PIERRE, S.D. (AP) -- A legislative committee on Wednesday effectively killed a bill that aimed to make South Dakota's secretary of agriculture an elected position rather than one appointed by the governor.

The committee voted eight to four to defer the bill until the next legislative session.

Opponents of the bill said the governor picks someone who's a good fit for agriculture and knows the issues. They voiced concerns that South Dakota's urban residents, with no ties to agriculture, might not be well informed when they vote.

Supporters of the bill said it would have ensured that future secretaries are accountable to the agriculture community and voters at large, not to just to the governor.

Everyone in the state is affected in some way by agriculture, John Kerstiens, representing the South Dakota Farmers Union, said. Making it an elected office would produce a hands-on department, remove politics from the office and allow the governor to focus on other issues, Kerstiens said.

Rep. Bernie Hunhoff, D-Yankton, said the change would have benefited agriculture.

"We're heavily a farm state and yet truthfully I don't think agriculture, farming and ranching really get a lot of attention come election time, even if you argue we are the most rural state in the nation," Hunhoff said.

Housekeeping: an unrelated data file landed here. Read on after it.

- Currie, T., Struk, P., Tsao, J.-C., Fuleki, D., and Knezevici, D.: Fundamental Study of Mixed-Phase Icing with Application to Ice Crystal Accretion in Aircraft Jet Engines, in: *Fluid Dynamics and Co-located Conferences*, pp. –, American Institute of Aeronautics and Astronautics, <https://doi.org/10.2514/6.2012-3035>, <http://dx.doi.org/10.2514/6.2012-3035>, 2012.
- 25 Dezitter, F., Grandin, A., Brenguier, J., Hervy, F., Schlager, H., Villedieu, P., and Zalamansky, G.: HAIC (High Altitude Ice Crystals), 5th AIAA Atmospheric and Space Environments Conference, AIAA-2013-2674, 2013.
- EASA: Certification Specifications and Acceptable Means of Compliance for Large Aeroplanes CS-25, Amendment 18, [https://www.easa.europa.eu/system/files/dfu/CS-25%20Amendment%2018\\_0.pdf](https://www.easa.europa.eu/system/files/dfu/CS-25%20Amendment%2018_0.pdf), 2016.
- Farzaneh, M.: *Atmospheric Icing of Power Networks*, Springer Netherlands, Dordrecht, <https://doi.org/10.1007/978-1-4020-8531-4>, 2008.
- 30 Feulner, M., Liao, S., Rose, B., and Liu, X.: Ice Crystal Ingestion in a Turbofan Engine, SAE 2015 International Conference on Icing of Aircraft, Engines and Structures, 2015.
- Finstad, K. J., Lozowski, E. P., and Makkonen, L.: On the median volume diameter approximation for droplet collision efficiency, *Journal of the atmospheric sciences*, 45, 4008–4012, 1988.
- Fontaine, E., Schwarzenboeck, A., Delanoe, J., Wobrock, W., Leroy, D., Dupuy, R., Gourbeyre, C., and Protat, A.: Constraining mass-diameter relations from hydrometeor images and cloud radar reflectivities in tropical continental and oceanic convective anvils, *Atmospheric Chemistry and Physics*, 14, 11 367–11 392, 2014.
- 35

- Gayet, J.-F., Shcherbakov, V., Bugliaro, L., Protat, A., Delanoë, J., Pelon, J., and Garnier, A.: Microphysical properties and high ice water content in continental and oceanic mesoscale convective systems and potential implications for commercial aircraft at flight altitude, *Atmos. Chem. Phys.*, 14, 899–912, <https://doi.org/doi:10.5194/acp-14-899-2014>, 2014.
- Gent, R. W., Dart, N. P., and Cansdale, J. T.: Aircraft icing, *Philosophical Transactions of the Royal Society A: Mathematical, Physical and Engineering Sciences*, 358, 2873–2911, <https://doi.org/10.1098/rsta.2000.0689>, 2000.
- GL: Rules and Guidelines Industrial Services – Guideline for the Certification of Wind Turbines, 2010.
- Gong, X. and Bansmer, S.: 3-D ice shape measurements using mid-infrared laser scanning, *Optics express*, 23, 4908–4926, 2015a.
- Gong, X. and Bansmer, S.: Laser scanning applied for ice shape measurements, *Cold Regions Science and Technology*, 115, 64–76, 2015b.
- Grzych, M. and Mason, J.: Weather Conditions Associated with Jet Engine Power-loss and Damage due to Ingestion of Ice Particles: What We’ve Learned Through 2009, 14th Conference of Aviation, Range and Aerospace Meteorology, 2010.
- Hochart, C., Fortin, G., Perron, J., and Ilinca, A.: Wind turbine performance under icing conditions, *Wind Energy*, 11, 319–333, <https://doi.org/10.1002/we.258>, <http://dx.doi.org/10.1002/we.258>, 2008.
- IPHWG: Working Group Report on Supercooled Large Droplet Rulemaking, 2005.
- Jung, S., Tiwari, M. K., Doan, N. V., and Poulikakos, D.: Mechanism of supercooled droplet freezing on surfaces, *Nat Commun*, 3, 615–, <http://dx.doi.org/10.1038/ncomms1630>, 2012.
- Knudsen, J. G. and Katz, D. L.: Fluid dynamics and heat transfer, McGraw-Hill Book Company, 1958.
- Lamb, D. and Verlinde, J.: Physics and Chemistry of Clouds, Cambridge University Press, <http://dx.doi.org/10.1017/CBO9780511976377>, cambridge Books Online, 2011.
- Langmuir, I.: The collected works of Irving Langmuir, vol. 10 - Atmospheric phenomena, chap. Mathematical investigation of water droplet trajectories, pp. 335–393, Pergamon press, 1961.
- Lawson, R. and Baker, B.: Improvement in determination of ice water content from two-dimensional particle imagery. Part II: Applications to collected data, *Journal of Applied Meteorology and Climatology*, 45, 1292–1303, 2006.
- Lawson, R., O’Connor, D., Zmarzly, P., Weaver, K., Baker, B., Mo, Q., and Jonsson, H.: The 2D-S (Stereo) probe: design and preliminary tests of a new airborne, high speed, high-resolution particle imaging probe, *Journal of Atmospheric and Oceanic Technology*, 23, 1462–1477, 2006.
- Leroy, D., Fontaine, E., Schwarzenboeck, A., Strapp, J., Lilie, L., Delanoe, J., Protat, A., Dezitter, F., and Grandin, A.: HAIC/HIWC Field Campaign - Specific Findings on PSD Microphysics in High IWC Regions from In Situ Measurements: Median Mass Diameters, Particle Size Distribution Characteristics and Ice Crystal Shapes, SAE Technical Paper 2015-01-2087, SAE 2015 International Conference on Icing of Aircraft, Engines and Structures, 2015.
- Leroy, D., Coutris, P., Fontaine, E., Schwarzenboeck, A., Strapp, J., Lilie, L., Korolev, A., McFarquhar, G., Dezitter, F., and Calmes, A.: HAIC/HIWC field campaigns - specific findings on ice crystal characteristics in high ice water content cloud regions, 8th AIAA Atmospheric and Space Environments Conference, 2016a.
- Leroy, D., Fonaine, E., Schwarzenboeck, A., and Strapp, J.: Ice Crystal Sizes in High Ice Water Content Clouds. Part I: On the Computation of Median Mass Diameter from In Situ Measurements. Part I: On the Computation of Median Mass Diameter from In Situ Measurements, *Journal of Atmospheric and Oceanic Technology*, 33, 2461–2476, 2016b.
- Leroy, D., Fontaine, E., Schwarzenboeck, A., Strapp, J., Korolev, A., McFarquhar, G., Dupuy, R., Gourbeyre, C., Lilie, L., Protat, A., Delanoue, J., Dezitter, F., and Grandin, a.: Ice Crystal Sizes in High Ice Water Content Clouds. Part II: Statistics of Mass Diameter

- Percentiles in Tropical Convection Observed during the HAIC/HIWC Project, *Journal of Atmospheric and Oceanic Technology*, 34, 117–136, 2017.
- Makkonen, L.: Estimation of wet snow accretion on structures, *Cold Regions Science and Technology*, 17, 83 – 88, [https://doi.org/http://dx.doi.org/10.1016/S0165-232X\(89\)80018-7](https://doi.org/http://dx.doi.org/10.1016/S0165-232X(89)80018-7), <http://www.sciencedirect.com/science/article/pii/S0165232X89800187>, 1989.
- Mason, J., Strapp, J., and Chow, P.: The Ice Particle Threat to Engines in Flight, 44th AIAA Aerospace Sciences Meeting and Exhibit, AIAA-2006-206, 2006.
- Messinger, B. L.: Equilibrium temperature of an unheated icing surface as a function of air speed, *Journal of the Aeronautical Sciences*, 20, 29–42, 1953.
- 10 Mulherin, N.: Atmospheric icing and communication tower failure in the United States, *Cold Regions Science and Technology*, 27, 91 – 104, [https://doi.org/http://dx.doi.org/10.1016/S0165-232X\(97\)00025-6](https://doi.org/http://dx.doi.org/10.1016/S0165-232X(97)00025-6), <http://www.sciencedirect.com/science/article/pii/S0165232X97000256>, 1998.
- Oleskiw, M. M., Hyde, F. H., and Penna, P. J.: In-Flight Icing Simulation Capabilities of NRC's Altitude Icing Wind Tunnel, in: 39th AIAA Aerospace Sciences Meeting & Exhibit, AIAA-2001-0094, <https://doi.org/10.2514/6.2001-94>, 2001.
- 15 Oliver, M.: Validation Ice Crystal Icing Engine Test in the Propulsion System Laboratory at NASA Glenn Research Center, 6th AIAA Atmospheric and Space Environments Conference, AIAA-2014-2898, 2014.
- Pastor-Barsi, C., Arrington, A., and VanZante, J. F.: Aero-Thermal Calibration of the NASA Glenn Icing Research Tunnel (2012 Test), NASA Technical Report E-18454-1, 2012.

He said the bill had been an attempt to allow voters "to elect a champion of agriculture who will truly become a visible proponent of the industry."

Lorin Pankratz, lobbyist for the South Dakota Pork Producers, said an umbrella group of some 20 agriculture-related groups called Ag Unity voted to oppose the bill.

There may be conflicts if the governor and agriculture secretary are of different political parties and if the agriculture secretary wants to run for higher office, Pankratz said.

Rep. Bob Faehn, R-Watertown, had urged fellow members of the House State Affairs Committee to kill the bill.

"Any time you put something on the ballot it tends to end up political. It tends to end up whoever has the most money winning the election," Faehn said.

He said the 2010 Census may show that more than half the state's population lives in Sioux Falls and Rapid City.

"I think there's probably a lot of people in ag that wouldn't feel comfortable with the people in Sioux Falls or Rapid City choosing their secretary," Faehn said.